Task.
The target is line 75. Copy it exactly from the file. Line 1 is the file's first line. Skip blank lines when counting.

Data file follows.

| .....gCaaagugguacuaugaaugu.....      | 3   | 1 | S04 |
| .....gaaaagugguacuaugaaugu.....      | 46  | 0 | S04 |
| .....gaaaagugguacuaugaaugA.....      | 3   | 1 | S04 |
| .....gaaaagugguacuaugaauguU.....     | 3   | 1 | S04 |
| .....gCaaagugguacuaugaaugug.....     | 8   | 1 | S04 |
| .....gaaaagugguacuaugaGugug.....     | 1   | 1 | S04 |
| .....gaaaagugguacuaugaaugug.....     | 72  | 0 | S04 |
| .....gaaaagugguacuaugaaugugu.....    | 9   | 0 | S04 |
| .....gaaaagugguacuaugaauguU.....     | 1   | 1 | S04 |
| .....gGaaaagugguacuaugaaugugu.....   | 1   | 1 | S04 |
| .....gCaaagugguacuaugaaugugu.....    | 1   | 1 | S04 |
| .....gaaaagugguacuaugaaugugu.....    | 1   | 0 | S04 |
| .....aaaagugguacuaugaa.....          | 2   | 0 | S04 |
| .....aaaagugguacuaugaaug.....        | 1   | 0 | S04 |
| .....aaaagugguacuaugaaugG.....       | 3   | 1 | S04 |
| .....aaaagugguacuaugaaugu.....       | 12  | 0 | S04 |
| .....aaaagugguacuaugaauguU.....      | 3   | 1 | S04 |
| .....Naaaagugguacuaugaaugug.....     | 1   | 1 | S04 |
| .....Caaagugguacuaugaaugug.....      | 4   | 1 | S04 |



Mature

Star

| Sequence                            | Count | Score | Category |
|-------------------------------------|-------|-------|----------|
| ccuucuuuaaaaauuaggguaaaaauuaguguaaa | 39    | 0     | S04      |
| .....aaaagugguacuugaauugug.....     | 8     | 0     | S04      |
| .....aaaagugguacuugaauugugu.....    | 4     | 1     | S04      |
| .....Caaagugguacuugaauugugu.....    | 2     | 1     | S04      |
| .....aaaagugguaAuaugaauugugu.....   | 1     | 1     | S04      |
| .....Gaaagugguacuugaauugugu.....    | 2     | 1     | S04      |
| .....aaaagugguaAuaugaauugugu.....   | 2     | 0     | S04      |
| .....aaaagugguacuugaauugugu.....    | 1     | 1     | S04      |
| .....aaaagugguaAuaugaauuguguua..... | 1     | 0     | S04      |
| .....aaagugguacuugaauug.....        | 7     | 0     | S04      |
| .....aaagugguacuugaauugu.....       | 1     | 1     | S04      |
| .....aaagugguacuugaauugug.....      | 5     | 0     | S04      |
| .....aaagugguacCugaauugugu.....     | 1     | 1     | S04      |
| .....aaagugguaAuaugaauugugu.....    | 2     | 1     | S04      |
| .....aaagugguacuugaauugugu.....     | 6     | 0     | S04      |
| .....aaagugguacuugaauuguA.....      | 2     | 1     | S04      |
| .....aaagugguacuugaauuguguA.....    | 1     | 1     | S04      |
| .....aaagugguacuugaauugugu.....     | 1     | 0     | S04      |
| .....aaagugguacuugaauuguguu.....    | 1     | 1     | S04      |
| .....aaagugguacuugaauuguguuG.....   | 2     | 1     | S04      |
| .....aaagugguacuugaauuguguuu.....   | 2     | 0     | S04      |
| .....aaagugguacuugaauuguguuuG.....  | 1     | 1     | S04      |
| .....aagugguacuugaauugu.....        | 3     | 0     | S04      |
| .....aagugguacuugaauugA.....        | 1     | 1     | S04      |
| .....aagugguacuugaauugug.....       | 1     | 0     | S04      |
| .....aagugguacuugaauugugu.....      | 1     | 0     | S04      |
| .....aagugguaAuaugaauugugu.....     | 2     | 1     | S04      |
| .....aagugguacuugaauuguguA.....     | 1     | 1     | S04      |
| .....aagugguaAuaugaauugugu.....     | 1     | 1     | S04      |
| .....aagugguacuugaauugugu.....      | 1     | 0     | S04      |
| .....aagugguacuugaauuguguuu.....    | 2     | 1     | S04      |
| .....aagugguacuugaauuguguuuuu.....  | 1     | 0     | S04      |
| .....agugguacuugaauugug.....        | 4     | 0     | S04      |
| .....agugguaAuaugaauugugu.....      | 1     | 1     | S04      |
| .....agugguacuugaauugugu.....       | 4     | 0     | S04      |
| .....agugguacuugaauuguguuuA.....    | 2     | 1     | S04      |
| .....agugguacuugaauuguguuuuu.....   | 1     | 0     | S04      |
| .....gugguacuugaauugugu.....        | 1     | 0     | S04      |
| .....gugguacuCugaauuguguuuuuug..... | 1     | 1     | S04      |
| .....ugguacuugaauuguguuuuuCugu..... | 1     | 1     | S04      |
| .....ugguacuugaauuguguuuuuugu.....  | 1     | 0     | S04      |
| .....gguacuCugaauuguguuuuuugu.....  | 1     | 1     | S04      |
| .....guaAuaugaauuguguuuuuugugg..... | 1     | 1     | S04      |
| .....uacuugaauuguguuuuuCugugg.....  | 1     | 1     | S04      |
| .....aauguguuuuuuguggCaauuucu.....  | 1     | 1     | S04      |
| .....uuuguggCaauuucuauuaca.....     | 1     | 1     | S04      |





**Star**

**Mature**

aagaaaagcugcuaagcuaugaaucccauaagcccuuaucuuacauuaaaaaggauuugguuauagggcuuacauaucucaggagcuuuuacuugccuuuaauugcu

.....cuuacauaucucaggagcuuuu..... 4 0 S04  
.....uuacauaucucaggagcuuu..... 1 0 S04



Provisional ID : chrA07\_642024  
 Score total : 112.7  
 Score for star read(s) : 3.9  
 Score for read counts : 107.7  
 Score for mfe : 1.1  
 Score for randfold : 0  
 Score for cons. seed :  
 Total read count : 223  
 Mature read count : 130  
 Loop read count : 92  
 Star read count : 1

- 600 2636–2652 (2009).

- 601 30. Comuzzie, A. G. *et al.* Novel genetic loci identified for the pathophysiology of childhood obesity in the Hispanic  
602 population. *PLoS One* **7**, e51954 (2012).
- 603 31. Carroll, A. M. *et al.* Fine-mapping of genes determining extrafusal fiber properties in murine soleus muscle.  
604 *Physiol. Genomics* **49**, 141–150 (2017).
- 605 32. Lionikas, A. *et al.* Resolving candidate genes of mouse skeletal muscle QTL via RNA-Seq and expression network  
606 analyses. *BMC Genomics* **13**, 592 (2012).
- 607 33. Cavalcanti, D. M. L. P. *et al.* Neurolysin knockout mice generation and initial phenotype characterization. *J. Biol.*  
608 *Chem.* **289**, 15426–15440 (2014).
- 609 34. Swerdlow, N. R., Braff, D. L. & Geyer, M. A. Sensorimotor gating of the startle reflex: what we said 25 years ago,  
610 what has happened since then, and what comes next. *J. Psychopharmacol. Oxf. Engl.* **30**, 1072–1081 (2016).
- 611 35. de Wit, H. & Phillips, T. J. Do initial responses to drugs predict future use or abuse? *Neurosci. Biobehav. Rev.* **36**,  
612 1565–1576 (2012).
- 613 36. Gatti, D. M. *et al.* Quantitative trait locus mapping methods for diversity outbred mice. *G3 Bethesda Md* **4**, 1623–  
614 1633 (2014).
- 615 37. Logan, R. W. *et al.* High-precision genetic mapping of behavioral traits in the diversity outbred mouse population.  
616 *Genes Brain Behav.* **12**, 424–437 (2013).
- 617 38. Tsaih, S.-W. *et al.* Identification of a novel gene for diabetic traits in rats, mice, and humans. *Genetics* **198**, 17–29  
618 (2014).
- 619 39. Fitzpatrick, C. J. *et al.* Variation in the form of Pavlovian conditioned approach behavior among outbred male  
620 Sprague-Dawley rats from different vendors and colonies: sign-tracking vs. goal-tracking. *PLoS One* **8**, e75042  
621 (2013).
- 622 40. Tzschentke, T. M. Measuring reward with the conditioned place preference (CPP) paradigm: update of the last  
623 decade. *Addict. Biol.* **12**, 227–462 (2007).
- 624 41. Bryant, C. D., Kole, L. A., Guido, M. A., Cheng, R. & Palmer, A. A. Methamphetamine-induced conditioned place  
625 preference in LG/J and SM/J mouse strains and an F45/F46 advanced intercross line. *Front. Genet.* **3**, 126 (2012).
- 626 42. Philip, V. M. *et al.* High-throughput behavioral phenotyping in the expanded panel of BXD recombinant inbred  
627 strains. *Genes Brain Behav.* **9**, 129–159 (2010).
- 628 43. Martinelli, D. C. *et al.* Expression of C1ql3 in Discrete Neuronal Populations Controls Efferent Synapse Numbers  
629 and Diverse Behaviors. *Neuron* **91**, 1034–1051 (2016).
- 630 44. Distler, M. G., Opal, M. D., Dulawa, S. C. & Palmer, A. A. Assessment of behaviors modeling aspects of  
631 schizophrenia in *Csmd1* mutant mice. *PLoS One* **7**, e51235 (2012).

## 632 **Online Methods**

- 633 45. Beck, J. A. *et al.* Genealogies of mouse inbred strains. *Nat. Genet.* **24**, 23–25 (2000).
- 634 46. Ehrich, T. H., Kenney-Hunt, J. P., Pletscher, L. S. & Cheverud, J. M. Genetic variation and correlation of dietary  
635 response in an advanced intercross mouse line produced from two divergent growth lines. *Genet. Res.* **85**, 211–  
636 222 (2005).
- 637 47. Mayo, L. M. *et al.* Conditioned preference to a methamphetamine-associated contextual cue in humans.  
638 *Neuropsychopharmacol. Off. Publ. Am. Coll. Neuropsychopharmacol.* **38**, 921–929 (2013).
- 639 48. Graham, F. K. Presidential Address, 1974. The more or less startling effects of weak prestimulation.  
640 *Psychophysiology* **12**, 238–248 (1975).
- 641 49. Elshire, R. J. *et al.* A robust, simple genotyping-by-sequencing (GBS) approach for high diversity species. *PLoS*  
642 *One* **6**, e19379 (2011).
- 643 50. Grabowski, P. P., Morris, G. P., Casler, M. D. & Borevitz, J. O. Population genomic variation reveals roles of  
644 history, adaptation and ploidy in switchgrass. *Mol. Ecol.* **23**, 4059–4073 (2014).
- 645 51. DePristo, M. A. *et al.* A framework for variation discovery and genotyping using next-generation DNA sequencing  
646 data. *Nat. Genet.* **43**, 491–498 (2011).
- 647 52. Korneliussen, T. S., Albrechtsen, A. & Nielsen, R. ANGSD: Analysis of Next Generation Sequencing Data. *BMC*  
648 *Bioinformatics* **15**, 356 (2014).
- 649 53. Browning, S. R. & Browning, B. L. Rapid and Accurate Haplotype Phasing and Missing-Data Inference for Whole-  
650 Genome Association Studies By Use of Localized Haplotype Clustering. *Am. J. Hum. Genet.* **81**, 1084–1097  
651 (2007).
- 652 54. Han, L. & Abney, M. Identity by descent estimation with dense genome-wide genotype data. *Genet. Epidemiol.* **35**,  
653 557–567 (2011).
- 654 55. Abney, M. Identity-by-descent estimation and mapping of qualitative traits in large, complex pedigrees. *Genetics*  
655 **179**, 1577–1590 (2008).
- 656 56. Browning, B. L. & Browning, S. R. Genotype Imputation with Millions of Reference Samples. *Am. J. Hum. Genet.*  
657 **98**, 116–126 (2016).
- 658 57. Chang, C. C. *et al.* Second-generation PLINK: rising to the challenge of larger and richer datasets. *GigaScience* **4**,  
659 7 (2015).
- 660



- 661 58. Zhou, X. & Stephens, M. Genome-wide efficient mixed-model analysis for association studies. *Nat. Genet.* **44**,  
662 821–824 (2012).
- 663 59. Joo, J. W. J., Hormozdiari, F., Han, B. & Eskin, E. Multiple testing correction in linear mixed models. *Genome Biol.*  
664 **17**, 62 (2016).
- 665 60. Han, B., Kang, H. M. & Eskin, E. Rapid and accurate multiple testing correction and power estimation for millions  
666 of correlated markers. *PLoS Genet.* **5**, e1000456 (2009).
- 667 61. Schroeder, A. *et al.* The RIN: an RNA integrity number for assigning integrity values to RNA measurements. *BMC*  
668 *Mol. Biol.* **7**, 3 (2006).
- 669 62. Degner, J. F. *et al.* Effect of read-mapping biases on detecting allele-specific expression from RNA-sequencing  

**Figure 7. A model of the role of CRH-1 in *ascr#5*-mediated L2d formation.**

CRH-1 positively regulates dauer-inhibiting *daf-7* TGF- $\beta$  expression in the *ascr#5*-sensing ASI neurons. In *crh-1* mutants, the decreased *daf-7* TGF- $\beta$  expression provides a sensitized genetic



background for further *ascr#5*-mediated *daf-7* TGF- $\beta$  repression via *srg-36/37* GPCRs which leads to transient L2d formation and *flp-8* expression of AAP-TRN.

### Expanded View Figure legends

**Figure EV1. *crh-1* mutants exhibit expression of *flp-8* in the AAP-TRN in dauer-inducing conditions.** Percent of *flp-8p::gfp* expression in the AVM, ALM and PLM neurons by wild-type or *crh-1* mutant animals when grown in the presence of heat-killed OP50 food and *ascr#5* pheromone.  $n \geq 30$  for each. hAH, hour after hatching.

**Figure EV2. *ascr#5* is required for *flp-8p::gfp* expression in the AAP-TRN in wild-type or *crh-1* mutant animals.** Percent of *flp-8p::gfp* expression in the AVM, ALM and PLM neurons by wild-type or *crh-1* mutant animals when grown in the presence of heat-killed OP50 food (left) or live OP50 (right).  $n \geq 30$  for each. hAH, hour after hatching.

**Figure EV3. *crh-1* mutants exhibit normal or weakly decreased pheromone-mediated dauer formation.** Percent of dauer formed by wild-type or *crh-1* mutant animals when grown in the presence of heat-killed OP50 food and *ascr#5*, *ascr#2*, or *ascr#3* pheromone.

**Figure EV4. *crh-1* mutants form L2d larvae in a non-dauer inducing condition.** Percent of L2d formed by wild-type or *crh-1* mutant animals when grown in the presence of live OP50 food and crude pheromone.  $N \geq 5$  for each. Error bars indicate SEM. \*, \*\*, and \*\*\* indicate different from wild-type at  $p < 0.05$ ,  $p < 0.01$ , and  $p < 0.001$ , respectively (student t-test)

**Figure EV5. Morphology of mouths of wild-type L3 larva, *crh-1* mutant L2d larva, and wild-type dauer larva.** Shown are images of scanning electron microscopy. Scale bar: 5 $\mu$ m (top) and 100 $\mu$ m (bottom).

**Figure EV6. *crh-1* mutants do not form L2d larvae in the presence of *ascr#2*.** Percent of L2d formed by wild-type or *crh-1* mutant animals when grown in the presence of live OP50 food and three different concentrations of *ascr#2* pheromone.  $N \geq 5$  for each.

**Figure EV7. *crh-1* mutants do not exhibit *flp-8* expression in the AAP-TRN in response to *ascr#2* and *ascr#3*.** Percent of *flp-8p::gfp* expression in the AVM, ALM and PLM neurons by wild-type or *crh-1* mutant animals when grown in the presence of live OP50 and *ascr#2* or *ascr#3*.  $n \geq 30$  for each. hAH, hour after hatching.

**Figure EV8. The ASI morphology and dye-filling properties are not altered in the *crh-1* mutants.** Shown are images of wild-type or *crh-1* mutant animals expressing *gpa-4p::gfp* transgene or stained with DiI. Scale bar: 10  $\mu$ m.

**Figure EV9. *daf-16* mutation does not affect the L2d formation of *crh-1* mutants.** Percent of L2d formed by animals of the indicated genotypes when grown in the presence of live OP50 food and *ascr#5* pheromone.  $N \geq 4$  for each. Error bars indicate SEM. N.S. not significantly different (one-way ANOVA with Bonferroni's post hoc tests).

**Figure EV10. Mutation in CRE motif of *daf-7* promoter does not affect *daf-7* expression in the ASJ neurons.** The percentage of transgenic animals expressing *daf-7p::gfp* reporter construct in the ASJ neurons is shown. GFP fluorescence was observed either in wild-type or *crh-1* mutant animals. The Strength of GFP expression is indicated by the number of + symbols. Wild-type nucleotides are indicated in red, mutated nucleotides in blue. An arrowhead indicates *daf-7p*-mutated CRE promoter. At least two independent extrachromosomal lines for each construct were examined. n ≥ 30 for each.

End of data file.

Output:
Provisional ID : chrA07\_642024  